• Ledger entries may be brief, especially regarding those things that are private to you, and "...about which you do not have to give an account to anyone."
  • Be more descriptive "...for those things about which an account must be given to others."
    Internal Control--
  • "...if the Ledger were lost for any reason, such as robbery, fire or shipwreck, but either of the other two books remain, (the Memorandum or the Journal), you would always be able to make up another Ledger..."

16 - How Entries Relating to Merchandise Should be Posted to the Debit and Credit in the Ledger.

  • "Always keep in mind numbers, weights, measurements, and values, in accordance with the different ways that it is customary to do business in the Rialto, and different geographical locations."
  • Enter other inventory items from the Journal to the Ledger in the manner that was described previously.

17 - The Keeping of Accounts With Public Offices, and the Municipal Loan Bank in Venice, Which Is Governed by Districts.

  • The businessman should keep careful account with banks. The bank's clerks can "...sometimes mix up the accounts of these offices in such a way that they do not correspond with anything."
  • Clerks who do harm can be punished by the High Signoria of Venice.

18 - How to Keep Your Accounts With the Office of Exchange in Venice. How to Make Entries Relating Thereto in the Memorandum, Journal, and Ledger. Information About Loans.

Doing Business with the Office of Exchange--

  • The Office of Exchange had brokers through which a businessman purchased merchandise.
  • For the brokering service, the Office of Exchange was due a percentage of the purchase price (say 4%).
  • When the purchase is made, debit merchandise for 4% and credit the Office of Exchange for the same amount.
  • The seller should pay half of the broker's fee.
  • Pay the seller 98% [100% - (4%/2)], debiting merchandise and crediting cash.
  • Pay the broker 4%, debiting the Office of Exchange and crediting cash.
  • The full cost (102%) ends up in the merchandise account.

A common proverb says: "One who does nothing makes no mistakes; one who makes no mistakes does not learn."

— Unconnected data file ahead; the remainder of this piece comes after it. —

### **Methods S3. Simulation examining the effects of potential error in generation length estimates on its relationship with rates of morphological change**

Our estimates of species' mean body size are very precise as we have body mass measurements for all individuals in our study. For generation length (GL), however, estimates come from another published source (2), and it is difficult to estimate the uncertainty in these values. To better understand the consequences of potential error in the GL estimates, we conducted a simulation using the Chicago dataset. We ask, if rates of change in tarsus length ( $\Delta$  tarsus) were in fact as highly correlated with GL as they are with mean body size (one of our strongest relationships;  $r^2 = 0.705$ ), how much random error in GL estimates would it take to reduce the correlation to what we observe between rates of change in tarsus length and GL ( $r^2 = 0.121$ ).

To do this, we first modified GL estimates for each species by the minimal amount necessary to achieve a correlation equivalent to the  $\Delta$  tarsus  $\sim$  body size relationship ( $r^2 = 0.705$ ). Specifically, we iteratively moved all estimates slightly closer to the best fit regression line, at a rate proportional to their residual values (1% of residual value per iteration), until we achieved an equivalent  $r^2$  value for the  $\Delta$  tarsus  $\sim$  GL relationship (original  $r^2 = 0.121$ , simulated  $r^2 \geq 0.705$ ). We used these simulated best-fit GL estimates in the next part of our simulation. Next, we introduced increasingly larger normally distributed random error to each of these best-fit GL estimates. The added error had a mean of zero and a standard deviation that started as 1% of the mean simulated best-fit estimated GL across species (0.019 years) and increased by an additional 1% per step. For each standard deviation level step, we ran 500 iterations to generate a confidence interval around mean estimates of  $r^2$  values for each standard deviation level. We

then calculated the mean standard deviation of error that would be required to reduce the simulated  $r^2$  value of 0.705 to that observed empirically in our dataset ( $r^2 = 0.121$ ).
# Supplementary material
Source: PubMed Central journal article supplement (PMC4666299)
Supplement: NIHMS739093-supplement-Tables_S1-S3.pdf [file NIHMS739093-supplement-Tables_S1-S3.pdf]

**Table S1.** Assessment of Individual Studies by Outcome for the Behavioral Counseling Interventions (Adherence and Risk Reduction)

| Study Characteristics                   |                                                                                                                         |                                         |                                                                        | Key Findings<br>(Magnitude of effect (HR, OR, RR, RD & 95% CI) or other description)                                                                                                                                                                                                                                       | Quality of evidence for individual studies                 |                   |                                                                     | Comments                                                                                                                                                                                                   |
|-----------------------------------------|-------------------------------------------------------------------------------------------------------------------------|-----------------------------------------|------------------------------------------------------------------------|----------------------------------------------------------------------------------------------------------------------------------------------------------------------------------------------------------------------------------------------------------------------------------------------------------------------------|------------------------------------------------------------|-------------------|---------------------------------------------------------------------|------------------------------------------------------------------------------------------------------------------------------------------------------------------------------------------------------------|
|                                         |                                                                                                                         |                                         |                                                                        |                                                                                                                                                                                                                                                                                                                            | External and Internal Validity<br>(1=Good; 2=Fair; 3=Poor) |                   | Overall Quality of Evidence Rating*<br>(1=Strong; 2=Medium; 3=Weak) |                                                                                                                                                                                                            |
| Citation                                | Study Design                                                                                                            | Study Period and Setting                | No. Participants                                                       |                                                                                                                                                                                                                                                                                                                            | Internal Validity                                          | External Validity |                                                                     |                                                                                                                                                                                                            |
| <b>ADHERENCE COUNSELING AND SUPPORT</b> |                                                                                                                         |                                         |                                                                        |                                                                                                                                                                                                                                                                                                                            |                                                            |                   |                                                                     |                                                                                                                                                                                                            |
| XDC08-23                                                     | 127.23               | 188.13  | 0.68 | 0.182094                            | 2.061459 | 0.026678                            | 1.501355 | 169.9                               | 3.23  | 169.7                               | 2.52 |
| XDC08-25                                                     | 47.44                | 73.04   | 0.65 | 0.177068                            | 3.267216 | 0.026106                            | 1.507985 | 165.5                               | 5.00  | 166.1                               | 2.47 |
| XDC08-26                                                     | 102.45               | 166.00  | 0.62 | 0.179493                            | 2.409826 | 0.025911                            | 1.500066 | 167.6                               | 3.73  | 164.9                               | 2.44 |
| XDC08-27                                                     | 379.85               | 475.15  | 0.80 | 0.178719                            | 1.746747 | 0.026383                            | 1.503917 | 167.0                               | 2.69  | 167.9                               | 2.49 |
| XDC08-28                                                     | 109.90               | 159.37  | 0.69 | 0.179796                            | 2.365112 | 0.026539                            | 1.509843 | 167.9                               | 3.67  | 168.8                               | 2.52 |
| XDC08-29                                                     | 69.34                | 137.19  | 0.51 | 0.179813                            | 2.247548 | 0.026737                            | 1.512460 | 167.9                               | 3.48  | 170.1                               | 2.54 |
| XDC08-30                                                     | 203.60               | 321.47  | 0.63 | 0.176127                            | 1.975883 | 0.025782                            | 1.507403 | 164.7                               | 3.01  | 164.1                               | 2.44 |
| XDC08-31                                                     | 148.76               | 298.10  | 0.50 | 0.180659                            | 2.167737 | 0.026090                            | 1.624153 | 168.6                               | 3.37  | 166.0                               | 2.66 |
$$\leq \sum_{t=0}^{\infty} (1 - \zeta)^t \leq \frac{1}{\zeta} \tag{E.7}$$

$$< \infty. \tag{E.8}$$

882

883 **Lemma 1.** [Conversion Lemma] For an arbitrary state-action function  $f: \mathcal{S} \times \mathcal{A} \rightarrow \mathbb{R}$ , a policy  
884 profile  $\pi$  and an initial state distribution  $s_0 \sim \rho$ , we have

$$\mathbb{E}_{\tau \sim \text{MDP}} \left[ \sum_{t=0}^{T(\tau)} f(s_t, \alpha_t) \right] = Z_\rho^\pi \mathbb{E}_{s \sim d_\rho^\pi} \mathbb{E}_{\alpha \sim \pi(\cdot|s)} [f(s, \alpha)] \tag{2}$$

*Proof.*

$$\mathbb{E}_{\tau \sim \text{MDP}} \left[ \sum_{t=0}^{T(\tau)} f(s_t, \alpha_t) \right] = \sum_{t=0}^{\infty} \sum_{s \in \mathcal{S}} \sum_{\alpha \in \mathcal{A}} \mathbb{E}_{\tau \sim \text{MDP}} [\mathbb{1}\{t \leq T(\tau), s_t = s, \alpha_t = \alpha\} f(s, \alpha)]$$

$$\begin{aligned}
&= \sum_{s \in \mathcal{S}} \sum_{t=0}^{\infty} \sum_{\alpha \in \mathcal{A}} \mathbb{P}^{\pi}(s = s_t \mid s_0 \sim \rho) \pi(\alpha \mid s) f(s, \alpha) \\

19 - How to Make the Entries in Your Principal Books for the Payments Which Have to be Made by Draft or Through the Bank.

Cash Control--

  • Payments partly through the bank and partly by draft: "...deliver first the draft and then settle through the bank. This is much safer."

Recording payments of liabilities--

  • Payments for previously recorded purchases: debit the seller [liability] account and credit the account used to make the payment.

Recording of sales--

  • Debit the different buyers and credit merchandise.

20 - The Well Known and Peculiar Entries in Business for Trading and Partnership and How They Should be Entered in the Business Books. Simple Tradings and Dates, Then Complex Tradings, Examples of Each in the Memorandum, Journal, and Ledger.

Three kinds of trades [exchanges of goods]--

  • Simple.
  • Complex.
  • On time.

Two methods of recording trades--

  • Separate accounts:
    Maintain an asset account for each lot of traded goods received. In this way, one can subsequently know how much profit or loss was made on each separate lot.
  • Regular merchandise accounts:
    Enter the traded goods received in the appropriate merchandise account with other purchases.

21 - The Well Known Account Called Partnership--

  • Maintain partnership capital accounts in the Ledger but separate from your own capital account.
  • In the Memorandum, state all the details of the partnership, such as the following: